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1 January 2014 A Molecular Clone and Culture Inventory of the Root Fungal Community Associated with Eastern Hemlock in Great Smoky Mountains National Park
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Abstract

Below- and above-ground microbial communities are expected to dramatically change following the loss of healthy Tsuga canadensis (Eastern Hemlock) ecosystems due to the effects of Adelges tsugae (Hemlock Woolly Adelgid [HWA]) infestation. In 2006, few healthy Eastern Hemlock stands remained in Great Smoky Mountains National Park (GRSM), and we sought to obtain baseline soil microbial data from these undisturbed areas to better understand them. This study surveyed root fungal communities (e.g., mycorrhizae) using molecular cloning and cultural methods at 2 remaining healthy Eastern Hemlock stands in GRSM. We sampled roots from 40 trees representing 2 age classes (<75 and >150 years old) and 2 elevations (486 m and 1158 m) to obtain molecular clones and isolated cultures. Molecular clones from the ITS region indicated the presence of 124 taxa in 23 genera. The dominant genera were Piloderma (8.2%), Russula (6.8%), Tomentella (4.0%), Meliniomyces (3.4%), and Clavulina (2.9%). Ninety-seven of the taxa identified occurred at <1.0% relative abundance. The most frequent fungal species were Meliniomyces variabilis (22.6%), Russula granulata (16.1%), Phialocephala fortinii (9.7%), and Cladophialophora chaetospira (16.1%). Species richness, diversity, and evenness for total fungi, ectomycorrhizal species, and saprobic species were similar at different elevations and stand ages. Using ITS sequence data, we identified 9 species from 1800 fungal isolates from Eastern Hemlock root tissue, the most common of which were Trichoderma harzianum (24.4%), Trichoderma viride (24.4%), Trichoderma asperellum (17.1%), and Ilyonectria radicicola (12.2%). Species richness, diversity, and evenness were not significantly different across locations for the molecular data. Baseline data for the fungal taxa identified in the study may be important for understanding ecological changes that can occur post-HWA damage and HWA-caused stand losses. These data could also be used to support Eastern Hemlock reforestation efforts within current or former habitats in GRSM and surrounding ecosystems.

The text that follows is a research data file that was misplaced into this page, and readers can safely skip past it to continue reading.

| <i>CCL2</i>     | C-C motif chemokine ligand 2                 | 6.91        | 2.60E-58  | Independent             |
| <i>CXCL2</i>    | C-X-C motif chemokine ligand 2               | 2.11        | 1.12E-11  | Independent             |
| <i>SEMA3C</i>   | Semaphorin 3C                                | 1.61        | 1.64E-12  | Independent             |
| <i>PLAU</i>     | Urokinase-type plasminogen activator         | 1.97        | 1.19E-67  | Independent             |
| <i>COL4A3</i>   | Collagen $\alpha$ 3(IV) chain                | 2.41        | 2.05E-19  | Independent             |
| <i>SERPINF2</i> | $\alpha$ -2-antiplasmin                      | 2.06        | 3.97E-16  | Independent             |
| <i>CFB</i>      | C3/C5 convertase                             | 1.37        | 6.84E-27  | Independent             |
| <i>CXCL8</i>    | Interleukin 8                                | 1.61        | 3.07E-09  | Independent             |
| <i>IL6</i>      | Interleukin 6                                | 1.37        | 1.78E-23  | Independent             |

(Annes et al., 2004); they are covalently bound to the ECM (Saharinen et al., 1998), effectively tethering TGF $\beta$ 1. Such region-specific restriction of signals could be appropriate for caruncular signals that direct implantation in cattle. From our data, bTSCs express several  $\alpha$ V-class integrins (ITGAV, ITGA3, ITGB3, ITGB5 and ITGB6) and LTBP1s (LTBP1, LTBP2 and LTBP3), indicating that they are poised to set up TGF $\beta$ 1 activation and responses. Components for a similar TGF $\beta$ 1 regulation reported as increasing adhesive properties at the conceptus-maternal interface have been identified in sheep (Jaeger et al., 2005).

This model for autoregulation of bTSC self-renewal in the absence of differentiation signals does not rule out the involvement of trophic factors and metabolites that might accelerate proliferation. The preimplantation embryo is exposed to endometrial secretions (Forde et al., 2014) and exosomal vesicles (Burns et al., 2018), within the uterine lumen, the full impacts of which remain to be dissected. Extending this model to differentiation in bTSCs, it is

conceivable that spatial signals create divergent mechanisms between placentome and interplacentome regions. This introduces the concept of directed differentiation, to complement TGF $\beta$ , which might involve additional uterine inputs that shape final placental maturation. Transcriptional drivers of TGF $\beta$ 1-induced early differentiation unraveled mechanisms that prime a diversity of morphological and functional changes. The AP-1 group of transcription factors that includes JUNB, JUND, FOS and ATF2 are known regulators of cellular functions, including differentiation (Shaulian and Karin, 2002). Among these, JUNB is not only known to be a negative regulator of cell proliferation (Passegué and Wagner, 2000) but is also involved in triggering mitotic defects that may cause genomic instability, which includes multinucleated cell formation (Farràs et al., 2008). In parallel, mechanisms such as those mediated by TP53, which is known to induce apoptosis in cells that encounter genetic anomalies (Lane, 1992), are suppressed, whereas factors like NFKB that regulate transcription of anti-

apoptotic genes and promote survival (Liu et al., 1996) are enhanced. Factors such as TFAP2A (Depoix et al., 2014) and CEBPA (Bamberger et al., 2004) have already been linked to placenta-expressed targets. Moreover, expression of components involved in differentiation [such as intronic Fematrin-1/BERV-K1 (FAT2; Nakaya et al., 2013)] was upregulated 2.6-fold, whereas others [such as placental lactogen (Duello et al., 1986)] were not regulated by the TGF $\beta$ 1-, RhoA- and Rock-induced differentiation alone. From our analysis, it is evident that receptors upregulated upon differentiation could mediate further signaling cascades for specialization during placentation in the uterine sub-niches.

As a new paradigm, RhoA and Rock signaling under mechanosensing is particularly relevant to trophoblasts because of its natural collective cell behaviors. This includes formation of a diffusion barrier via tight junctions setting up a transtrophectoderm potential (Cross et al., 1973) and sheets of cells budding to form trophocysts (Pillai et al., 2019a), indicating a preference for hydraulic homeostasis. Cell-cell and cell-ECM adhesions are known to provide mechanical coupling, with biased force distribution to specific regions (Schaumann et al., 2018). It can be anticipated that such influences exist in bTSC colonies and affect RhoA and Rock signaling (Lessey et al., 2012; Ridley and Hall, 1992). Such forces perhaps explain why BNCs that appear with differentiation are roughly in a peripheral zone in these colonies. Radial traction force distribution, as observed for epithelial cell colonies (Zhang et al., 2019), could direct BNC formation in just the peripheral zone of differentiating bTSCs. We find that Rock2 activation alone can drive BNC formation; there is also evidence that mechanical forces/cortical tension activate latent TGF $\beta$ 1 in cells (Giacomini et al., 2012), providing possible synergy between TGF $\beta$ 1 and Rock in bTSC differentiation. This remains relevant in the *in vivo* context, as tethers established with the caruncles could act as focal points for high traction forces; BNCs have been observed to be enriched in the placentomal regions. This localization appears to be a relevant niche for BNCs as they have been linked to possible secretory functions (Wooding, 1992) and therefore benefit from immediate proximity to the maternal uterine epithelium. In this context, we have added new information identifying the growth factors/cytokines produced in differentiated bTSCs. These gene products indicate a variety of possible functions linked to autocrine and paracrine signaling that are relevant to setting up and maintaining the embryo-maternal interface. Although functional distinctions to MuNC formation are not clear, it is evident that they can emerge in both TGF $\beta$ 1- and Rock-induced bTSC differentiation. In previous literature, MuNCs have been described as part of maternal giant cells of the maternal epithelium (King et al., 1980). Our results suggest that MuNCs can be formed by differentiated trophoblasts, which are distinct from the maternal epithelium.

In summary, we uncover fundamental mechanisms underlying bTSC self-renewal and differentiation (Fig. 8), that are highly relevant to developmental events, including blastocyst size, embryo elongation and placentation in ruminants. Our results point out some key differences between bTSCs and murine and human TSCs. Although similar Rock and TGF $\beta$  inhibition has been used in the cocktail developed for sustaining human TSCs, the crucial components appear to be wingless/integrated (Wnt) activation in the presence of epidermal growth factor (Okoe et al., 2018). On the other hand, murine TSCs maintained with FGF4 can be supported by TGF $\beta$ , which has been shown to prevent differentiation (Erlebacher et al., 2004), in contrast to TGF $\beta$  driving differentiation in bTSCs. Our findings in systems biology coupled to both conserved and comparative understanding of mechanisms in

Richard Baird, C. Elizabeth Stokes, Alicia Wood-Jones, Clarence Watson, Mark Alexander, Glenn Taylor, Kristine Johnson, Paul Threadgill, and Susan Diehl "A Molecular Clone and Culture Inventory of the Root Fungal Community Associated with Eastern Hemlock in Great Smoky Mountains National Park," Southeastern Naturalist 13(6), 219-237, (1 January 2014). https://doi.org/10.1656/058.013.s601
Published: 1 January 2014
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